The lasting importance of Kelly Reichardt’s 1994 film “River of Grass”
The Native Americans referred to the Florida Everglades, that impressive stretch of subtropical wetlands, as the River of Grass. It’s a part of the state that is beautiful in its strangeness, with alligators making home in sawgrass prairies, and manatees taking residence in the bay, and all of it reaching on for hundreds of miles. In between the animals and the soggy marshlands, humans have found areas that work for them; on the keys, among the mangroves, and in the more solid-sand areas known now as Broward and Miami-Dade counties. We’ve settled in with strip malls, and motels, and shell museums that dot the mile markers — and it’s in this environment, sun-bleached and faded, that Kelly Reichardt sets her 1994 film, a film that takes its title from that storied Seminole reference: River of Grass.
Kelly’s feature film debut is more than just a throwback curiosity for Kelly Reichardt fans or South Florida devotees. In 81 languid minutes it unfolds the story of Cozy (Lisa Bowman), a 30-ish woman who is named after her father’s favorite jazz player, shaped by a mother who walked out on her, and wasting away in a meaningless marriage that includes two children and no mothering instinct. As Cozy says in voiceover, “There seems to be no telling which way a life will go.” Why River of Grass is worth re-seeing decades after it’s quiet premiere, (apart from the fact that a restored version is running now at IFC,) is its status as an indie film smack dab in the middle of a prolific and important moment for the genre. It’s also a film by a woman, about a woman, centered around a bravely unsympathetic female anti-hero, and sketched the first lines of what would go on to be Reichardt’s important cinematic career.
While Reichardt’s later films are much sadder, much bleaker (think Michelle Williams starring as a young homeless woman in Wendy and Lucy) River of Grass marries its sadness with a dark humor. The pace of the film revolves around a missing gun, the same gun found by the wrong people, and an accidental shooting that leads to an assumed murder, and Cozy and her counterpart (a toothless young local named Lee) hitting the road for what they hope to be a Bonnie and Clyde-style life. They fail at everything though, and the beginning of the film sets up road film and crime film boxes to be checked, only to leave them noticeably blank at the conclusion.
While Thelma and Louise hit the road in 1991 in a glamorous car with glamorous sunglasses and exquisite men to meet, three years later Reichardt has her characters on the lam in a broken down vehicle, shoeless and toothless, scrounging for gas money, and unsuccessfully shooting palmetto bugs in motel rooms. “We wondered how the lone-rebel, a fixture in every road movie, could exist in the ’90s when even the Burger King slogan tells you to ‘Break the Rules,’” Reichardt said of the film in a Bomb Magazine interview. Cozy seems to be Reichardt’s answer to that question.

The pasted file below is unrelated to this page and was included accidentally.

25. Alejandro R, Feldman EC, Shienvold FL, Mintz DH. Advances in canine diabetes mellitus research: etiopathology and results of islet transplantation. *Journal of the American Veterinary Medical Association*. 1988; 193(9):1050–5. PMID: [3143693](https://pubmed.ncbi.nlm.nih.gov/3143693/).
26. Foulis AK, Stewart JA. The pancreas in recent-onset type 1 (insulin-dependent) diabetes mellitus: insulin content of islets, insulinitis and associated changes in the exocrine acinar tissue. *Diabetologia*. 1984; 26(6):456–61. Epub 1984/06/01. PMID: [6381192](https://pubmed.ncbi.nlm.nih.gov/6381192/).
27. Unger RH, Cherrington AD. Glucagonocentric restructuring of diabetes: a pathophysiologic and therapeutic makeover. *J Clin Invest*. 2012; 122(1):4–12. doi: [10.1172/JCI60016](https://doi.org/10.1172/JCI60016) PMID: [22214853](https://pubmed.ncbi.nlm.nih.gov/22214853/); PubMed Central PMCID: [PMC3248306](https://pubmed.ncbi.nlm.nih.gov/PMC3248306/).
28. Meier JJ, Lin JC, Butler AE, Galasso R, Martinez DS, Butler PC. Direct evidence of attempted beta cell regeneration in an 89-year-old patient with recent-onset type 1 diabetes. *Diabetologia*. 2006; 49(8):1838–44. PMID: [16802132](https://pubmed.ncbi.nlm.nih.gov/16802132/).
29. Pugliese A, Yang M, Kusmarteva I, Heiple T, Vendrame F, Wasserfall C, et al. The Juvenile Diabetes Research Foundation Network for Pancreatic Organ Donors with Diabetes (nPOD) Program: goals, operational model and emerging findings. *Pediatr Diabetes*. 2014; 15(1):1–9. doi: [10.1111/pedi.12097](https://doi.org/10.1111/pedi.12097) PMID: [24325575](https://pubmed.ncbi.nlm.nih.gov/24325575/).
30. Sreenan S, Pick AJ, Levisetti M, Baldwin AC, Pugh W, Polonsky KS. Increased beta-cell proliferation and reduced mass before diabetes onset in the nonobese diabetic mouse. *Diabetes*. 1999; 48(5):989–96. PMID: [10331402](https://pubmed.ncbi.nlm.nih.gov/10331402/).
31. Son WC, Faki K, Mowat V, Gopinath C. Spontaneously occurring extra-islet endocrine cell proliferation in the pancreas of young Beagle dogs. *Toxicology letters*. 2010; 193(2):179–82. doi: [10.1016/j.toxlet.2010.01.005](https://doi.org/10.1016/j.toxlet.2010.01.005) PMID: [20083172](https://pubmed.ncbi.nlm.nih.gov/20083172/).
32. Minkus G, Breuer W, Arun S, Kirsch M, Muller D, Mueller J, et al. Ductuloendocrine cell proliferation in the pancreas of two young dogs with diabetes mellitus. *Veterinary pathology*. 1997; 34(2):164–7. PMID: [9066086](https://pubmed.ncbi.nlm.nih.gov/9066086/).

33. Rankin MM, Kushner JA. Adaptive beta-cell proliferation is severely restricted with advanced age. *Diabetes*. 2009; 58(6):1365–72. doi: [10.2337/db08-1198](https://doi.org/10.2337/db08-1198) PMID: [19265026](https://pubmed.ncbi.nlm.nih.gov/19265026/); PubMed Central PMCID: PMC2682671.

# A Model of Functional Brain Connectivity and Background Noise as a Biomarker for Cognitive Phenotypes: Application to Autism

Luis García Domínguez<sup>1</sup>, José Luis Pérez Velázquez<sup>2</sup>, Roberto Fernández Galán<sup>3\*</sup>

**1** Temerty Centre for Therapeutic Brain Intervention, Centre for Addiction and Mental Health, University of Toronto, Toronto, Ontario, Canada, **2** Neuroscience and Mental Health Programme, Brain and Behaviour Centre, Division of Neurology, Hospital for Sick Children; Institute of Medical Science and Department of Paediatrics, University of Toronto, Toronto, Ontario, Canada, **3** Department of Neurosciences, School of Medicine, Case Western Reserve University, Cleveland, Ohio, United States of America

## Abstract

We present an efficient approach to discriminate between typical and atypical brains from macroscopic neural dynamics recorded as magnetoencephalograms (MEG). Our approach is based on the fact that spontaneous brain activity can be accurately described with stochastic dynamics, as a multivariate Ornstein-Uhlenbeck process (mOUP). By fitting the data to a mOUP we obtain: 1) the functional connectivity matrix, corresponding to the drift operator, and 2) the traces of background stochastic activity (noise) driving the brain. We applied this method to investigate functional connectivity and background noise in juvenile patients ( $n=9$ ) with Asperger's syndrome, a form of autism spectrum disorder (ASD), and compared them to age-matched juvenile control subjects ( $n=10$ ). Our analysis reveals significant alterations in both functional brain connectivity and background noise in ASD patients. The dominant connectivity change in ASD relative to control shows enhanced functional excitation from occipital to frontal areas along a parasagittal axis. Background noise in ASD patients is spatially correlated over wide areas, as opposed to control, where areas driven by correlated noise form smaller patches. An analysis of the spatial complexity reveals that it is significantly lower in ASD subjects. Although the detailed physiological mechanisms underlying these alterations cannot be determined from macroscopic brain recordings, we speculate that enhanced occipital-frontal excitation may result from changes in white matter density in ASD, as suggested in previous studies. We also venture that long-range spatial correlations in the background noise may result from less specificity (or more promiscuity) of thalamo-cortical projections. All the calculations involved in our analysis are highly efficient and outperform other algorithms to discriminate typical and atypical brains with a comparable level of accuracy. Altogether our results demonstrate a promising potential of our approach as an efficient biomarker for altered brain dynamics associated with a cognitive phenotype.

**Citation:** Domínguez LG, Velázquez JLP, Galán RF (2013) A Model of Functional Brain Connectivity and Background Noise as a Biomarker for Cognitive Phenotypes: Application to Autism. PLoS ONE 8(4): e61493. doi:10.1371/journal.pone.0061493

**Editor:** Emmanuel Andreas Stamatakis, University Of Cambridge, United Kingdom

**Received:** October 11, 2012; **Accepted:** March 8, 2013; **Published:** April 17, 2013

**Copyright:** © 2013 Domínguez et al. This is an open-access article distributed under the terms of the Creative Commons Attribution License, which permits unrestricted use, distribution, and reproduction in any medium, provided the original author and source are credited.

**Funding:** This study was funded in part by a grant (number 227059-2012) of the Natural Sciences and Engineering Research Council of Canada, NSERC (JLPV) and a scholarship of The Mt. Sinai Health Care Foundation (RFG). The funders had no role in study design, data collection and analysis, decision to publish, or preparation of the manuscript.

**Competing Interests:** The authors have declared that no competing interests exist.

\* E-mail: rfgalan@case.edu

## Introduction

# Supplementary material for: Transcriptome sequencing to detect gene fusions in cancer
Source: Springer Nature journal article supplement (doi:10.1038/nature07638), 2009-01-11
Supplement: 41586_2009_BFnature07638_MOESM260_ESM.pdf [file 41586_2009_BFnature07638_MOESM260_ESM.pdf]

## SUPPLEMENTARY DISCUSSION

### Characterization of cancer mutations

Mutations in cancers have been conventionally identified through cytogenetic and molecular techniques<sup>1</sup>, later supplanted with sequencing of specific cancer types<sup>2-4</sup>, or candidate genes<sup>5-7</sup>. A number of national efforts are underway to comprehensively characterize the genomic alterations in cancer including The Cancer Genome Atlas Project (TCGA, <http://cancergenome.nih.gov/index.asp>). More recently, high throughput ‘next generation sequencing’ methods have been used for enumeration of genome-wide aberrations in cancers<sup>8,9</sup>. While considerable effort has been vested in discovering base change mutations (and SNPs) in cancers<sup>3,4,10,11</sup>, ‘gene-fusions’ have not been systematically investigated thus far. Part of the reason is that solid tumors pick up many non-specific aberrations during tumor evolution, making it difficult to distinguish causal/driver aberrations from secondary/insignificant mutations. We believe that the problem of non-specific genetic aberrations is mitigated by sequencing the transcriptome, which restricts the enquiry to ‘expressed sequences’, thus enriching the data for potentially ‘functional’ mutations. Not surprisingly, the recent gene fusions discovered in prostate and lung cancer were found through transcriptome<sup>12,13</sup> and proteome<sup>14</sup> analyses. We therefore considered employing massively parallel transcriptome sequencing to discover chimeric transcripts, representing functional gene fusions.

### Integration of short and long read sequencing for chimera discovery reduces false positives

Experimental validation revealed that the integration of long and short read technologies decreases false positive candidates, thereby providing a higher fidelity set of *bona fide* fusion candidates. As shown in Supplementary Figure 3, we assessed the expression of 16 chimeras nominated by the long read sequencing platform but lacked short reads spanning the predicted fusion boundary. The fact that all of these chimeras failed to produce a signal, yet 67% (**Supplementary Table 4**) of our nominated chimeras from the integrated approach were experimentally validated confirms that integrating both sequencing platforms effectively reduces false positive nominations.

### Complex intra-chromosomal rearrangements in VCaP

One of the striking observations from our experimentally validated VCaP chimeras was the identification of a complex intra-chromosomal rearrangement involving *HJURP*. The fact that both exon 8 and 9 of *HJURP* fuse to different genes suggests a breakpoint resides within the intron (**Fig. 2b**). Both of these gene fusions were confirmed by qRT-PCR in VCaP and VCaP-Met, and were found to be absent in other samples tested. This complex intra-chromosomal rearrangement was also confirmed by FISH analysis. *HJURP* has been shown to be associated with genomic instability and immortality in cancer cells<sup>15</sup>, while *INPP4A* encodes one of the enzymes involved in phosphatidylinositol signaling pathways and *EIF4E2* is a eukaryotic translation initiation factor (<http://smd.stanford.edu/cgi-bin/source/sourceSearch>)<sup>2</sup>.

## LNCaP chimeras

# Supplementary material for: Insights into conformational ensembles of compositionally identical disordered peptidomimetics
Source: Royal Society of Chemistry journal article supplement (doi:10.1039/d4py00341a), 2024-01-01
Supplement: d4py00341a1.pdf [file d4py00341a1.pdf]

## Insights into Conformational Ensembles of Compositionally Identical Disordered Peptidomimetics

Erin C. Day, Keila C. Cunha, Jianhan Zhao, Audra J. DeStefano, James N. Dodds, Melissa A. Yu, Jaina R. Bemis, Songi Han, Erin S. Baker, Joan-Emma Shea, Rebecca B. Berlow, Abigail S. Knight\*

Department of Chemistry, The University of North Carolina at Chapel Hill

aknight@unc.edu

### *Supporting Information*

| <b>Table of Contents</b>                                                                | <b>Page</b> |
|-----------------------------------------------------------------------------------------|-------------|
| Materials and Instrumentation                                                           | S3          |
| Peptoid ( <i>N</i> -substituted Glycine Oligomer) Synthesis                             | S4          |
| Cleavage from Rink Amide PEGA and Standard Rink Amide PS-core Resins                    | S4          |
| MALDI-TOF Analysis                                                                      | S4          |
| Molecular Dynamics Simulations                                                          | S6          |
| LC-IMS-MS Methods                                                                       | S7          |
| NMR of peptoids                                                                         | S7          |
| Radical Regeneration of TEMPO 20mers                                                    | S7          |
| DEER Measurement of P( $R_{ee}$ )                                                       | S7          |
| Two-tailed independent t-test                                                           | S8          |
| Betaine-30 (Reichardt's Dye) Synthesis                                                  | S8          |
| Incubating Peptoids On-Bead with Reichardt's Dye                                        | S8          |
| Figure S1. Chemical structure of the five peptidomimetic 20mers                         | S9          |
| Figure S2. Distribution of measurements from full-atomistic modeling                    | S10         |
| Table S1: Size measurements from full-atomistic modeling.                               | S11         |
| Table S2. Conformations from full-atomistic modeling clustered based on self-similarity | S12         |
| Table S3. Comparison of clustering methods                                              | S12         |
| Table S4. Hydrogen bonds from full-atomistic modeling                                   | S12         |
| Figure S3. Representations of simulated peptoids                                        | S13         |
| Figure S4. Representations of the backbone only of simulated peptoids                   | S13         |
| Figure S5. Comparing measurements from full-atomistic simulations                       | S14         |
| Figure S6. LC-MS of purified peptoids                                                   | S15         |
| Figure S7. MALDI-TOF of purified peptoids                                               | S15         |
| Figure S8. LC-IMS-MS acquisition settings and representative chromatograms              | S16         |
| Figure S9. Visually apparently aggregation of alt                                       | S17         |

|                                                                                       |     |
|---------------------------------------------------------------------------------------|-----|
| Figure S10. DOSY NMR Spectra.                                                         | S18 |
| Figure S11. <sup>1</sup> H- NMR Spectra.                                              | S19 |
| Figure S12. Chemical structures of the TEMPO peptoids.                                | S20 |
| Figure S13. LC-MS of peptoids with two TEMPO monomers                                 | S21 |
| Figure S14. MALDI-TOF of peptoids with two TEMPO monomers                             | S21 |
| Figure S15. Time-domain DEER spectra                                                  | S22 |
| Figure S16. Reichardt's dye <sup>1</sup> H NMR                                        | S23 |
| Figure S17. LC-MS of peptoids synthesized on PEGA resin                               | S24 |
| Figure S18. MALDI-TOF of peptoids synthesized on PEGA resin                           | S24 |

As for Cozy, there is nothing easily likable about her, short of a childlike tendency to do cartwheels in the living room. She easily walks out on her children, with nothing resembling a second thought, but otherwise feels contagiously incompetent when it comes to follow through. In the same Bomb interview Reichardt talks about how difficult it was to get a film about a character like that made, “I had written this script, lived with it and raised the money, yet I still had to go to the set each day and defend my post as director. It was the first time in my life that I was like, Oh, I get it, this is happening because I’m a female. I fought for every shot in my film, which is such a drain and something I wasn’t prepared for.” Twenty years later, female filmmakers are still fighting the same fight.
Reichardt also made a conscious choice for Cozy to be decidedly unglamorous. “To me, it gives the audience a break, especially if you’re a woman—to see a woman in a lead role with a body and a face that you can relate to,” she told Bomb.
Reichardt defines River of Grass as, “a road movie without the road, a love story without the love, and a crime story without the crime.” It’s also a window into what her career would become and a brave example of what female characters can be. Like the Everglades, River of Grass is a movie beautiful in its brazen strangeness. It takes a setting so easily depicted as a tropical paradise, and instead uses the whitewashed landscape of south Florida as a backdrop for dreams unrealized and perhaps never really known.
River of Grass is playing at IFC in New York City until March 17.